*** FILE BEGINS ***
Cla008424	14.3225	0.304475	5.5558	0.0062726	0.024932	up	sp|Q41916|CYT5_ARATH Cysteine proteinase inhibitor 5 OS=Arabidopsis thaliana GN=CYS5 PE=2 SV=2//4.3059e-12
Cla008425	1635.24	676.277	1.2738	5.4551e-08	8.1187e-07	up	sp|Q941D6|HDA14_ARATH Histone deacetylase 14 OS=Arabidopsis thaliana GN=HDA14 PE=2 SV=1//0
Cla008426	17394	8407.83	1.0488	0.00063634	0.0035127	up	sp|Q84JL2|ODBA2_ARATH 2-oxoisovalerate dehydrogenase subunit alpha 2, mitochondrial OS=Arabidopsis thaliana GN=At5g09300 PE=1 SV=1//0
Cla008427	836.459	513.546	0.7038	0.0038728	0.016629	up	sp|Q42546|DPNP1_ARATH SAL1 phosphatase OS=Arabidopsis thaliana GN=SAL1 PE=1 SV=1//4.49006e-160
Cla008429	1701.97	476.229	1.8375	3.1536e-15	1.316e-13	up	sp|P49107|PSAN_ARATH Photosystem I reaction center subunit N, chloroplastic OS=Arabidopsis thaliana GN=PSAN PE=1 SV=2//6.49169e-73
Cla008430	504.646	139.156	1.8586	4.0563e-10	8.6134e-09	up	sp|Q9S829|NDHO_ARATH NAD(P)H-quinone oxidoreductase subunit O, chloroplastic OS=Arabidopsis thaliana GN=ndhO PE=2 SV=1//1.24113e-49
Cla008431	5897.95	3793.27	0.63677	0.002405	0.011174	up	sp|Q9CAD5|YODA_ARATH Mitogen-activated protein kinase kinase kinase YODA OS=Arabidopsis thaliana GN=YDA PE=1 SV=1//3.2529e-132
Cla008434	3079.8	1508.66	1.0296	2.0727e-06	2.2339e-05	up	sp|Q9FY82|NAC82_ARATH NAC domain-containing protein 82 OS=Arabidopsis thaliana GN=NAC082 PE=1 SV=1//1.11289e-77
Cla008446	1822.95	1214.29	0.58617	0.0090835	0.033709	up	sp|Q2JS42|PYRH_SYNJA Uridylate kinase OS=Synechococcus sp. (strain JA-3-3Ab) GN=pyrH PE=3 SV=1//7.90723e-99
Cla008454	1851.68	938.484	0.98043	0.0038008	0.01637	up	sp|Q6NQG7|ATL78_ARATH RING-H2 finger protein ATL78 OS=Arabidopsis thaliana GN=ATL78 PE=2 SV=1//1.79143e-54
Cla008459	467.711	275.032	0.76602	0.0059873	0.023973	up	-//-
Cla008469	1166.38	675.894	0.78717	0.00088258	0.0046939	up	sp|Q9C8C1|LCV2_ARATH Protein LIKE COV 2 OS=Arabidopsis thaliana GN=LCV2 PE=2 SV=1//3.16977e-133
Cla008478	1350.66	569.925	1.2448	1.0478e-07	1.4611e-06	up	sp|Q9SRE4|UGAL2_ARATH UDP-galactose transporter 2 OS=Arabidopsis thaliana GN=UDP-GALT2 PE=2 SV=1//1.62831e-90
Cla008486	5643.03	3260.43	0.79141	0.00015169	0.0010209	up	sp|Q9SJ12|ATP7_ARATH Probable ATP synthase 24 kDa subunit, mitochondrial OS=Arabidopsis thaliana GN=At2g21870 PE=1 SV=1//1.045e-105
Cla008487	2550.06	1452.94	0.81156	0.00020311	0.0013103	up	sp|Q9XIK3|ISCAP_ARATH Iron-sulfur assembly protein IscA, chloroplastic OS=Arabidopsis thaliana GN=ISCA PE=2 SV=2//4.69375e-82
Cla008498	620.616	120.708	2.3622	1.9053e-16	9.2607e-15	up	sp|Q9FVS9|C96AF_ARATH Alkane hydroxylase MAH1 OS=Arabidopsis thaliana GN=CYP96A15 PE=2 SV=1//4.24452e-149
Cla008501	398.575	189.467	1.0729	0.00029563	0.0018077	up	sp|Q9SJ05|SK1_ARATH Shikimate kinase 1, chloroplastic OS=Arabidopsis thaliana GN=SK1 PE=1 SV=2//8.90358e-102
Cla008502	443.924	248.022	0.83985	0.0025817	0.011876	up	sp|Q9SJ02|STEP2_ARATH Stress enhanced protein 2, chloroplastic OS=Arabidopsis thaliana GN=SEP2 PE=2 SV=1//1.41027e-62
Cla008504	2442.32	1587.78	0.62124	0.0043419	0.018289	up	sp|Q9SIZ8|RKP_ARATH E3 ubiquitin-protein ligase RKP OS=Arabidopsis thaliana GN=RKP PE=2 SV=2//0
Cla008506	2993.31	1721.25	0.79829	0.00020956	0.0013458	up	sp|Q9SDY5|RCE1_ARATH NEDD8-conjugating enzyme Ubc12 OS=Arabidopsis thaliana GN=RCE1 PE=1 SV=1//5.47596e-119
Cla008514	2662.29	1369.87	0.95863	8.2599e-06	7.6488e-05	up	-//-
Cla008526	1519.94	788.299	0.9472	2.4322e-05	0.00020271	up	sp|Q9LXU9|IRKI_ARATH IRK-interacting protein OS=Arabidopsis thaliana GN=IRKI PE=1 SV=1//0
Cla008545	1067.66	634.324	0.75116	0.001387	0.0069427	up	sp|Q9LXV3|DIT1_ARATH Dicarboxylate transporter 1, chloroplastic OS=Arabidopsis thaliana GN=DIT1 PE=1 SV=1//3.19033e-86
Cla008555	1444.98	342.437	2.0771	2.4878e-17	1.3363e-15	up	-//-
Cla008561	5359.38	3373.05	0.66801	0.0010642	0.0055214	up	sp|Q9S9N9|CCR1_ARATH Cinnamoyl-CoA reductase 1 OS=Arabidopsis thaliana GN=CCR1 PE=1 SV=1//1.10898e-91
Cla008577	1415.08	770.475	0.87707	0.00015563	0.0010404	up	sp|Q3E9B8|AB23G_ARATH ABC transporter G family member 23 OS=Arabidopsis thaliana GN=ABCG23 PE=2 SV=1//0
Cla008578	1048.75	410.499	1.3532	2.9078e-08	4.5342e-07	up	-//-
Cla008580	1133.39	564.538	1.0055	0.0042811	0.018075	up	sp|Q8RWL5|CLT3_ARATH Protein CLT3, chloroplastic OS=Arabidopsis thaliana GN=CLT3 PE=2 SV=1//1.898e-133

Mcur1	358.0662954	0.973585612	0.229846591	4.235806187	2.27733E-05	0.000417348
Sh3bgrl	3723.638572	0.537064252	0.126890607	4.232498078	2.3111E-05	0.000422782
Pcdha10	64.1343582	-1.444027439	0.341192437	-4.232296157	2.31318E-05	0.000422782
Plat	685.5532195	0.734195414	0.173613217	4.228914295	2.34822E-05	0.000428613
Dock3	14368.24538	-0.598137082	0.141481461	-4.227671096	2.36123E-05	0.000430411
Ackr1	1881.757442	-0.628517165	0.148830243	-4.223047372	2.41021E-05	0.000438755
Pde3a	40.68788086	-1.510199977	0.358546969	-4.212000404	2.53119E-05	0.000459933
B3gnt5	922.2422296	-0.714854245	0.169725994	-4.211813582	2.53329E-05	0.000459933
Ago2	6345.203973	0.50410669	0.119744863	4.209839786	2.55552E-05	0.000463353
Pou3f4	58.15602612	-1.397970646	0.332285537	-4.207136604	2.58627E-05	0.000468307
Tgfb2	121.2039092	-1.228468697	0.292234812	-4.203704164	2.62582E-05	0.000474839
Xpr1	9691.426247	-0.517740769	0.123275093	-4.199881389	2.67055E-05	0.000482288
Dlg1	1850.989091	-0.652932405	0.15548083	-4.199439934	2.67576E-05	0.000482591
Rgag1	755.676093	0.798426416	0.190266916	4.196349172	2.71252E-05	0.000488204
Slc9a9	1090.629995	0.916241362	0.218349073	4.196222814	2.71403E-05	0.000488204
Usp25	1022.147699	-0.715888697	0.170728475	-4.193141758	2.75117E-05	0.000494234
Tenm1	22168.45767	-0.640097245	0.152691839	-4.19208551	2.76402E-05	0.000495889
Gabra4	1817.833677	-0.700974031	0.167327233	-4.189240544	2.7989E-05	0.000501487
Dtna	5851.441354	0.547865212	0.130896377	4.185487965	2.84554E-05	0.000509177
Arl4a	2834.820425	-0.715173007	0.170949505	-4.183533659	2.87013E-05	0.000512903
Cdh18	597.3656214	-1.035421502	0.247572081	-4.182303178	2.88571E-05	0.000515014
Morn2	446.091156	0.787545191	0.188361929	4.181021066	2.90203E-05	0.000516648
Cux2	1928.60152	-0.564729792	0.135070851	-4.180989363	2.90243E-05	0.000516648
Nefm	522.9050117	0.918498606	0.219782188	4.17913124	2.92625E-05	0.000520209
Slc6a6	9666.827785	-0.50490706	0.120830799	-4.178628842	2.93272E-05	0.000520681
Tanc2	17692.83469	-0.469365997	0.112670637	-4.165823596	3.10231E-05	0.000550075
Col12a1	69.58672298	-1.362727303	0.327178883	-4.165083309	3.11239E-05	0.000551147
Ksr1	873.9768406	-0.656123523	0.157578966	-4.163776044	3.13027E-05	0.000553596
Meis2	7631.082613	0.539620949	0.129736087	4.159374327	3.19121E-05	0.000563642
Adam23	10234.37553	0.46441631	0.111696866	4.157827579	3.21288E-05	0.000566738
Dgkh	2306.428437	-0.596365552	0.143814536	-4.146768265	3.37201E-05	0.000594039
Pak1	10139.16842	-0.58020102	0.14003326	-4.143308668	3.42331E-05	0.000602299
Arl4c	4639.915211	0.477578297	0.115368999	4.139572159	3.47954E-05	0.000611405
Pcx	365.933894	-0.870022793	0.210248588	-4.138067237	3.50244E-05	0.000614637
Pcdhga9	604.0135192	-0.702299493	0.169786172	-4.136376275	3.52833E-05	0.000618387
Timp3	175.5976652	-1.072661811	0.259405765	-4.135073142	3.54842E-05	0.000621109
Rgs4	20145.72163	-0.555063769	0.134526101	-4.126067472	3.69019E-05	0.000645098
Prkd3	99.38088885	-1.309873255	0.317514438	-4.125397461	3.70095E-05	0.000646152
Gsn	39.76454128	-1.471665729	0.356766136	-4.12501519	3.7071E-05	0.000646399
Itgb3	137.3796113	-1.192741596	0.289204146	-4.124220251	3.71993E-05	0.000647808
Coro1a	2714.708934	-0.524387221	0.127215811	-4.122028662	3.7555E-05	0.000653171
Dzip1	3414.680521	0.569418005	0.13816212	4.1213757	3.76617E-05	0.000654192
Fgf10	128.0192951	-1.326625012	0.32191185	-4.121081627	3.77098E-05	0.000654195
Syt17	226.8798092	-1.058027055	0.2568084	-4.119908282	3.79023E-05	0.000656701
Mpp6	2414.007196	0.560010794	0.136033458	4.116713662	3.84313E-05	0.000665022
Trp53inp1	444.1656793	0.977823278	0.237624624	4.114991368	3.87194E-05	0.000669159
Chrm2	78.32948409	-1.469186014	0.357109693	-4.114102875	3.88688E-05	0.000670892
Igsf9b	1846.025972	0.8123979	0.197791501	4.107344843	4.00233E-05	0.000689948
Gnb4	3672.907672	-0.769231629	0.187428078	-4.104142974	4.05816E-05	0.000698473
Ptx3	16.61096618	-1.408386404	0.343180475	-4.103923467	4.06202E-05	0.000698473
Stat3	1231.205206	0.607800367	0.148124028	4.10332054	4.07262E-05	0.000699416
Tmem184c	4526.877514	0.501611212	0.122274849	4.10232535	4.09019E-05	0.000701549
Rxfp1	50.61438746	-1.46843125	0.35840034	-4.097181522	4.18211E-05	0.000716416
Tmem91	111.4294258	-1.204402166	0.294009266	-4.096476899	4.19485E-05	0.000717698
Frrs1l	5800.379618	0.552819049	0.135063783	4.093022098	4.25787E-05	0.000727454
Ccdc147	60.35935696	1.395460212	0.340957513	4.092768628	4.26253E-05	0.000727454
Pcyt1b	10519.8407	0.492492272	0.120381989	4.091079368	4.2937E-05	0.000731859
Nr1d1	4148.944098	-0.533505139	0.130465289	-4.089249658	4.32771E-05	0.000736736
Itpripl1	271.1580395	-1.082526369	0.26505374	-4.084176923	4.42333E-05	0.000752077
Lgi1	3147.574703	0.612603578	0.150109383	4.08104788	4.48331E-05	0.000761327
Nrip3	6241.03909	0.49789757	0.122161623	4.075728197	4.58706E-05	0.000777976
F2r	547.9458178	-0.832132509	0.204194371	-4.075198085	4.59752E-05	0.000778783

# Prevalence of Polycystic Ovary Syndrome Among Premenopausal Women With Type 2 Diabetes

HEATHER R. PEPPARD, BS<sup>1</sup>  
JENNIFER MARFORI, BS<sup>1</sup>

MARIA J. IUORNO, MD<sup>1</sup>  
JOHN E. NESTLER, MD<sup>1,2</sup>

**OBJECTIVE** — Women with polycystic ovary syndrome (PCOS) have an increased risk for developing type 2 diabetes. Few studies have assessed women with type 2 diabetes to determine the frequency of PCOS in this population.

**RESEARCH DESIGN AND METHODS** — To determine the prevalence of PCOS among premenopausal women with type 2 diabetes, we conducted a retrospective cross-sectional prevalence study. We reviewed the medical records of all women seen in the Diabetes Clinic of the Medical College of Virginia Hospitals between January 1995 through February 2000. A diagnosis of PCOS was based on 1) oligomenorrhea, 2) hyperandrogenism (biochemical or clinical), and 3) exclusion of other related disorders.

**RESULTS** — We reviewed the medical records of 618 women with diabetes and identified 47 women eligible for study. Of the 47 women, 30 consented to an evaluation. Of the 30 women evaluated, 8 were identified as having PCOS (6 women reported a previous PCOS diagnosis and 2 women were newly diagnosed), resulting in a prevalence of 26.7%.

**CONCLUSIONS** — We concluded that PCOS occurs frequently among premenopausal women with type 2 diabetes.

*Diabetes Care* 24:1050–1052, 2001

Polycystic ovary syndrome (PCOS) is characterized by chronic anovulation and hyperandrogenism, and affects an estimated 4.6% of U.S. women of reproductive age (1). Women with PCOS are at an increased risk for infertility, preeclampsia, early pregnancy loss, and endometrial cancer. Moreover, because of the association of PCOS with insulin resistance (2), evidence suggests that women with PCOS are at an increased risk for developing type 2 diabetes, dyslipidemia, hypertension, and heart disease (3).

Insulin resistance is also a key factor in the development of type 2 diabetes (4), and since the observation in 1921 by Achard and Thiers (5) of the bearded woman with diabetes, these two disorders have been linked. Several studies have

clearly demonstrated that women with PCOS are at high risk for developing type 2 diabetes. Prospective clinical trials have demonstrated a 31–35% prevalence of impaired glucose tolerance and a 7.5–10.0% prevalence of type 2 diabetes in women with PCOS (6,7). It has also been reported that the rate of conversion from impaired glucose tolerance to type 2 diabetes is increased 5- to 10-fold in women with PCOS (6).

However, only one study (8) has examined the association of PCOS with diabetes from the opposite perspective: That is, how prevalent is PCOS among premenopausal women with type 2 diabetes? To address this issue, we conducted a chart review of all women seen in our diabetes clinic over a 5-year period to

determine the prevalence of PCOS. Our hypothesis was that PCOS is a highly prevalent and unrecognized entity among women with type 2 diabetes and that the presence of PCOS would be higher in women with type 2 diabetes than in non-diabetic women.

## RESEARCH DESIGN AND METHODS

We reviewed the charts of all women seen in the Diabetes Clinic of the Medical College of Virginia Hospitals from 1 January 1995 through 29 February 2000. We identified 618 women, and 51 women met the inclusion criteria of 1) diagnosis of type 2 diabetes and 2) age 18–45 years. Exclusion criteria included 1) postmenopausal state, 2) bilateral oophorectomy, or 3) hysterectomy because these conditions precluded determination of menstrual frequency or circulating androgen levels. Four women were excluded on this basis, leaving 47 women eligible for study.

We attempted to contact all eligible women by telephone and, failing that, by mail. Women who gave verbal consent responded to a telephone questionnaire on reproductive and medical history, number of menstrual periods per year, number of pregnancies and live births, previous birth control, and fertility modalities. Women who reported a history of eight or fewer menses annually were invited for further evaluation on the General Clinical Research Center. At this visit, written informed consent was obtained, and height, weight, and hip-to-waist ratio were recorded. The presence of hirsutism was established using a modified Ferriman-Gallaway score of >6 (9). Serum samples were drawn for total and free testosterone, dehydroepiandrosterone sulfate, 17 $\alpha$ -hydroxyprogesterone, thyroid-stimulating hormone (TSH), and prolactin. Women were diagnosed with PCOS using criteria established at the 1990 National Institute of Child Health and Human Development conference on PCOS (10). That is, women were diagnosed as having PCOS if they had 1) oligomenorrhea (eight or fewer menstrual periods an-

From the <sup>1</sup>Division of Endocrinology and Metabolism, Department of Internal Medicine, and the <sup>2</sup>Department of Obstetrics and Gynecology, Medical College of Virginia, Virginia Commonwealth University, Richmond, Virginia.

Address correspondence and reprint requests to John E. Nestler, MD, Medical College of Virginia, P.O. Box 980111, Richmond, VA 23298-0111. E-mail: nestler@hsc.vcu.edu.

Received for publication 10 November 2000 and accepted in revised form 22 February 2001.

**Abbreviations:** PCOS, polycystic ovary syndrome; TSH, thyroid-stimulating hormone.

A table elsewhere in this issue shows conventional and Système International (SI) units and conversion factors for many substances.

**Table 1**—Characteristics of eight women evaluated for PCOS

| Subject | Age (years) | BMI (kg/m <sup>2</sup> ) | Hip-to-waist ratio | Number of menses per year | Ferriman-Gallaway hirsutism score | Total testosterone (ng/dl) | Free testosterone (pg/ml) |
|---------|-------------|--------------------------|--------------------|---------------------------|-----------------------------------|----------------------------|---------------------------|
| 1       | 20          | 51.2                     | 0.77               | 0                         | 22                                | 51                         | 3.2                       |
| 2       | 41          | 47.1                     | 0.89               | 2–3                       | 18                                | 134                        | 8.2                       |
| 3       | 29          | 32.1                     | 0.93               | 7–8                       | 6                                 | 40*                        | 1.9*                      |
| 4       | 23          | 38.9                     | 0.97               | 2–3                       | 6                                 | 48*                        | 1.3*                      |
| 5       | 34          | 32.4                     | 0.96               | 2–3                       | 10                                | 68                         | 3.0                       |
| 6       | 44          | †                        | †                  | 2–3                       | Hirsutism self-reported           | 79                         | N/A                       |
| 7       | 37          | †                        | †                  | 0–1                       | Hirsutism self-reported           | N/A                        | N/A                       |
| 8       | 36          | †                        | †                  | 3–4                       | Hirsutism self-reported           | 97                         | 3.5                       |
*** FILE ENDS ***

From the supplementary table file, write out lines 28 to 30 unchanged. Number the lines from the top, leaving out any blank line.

Cla008580	1133.39	564.538	1.0055	0.0042811	0.018075	up	sp|Q8RWL5|CLT3_ARATH Protein CLT3, chloroplastic OS=Arabidopsis thaliana GN=CLT3 PE=2 SV=1//1.898e-133

Mcur1	358.0662954	0.973585612	0.229846591	4.235806187	2.27733E-05	0.000417348
Sh3bgrl	3723.638572	0.537064252	0.126890607	4.232498078	2.3111E-05	0.000422782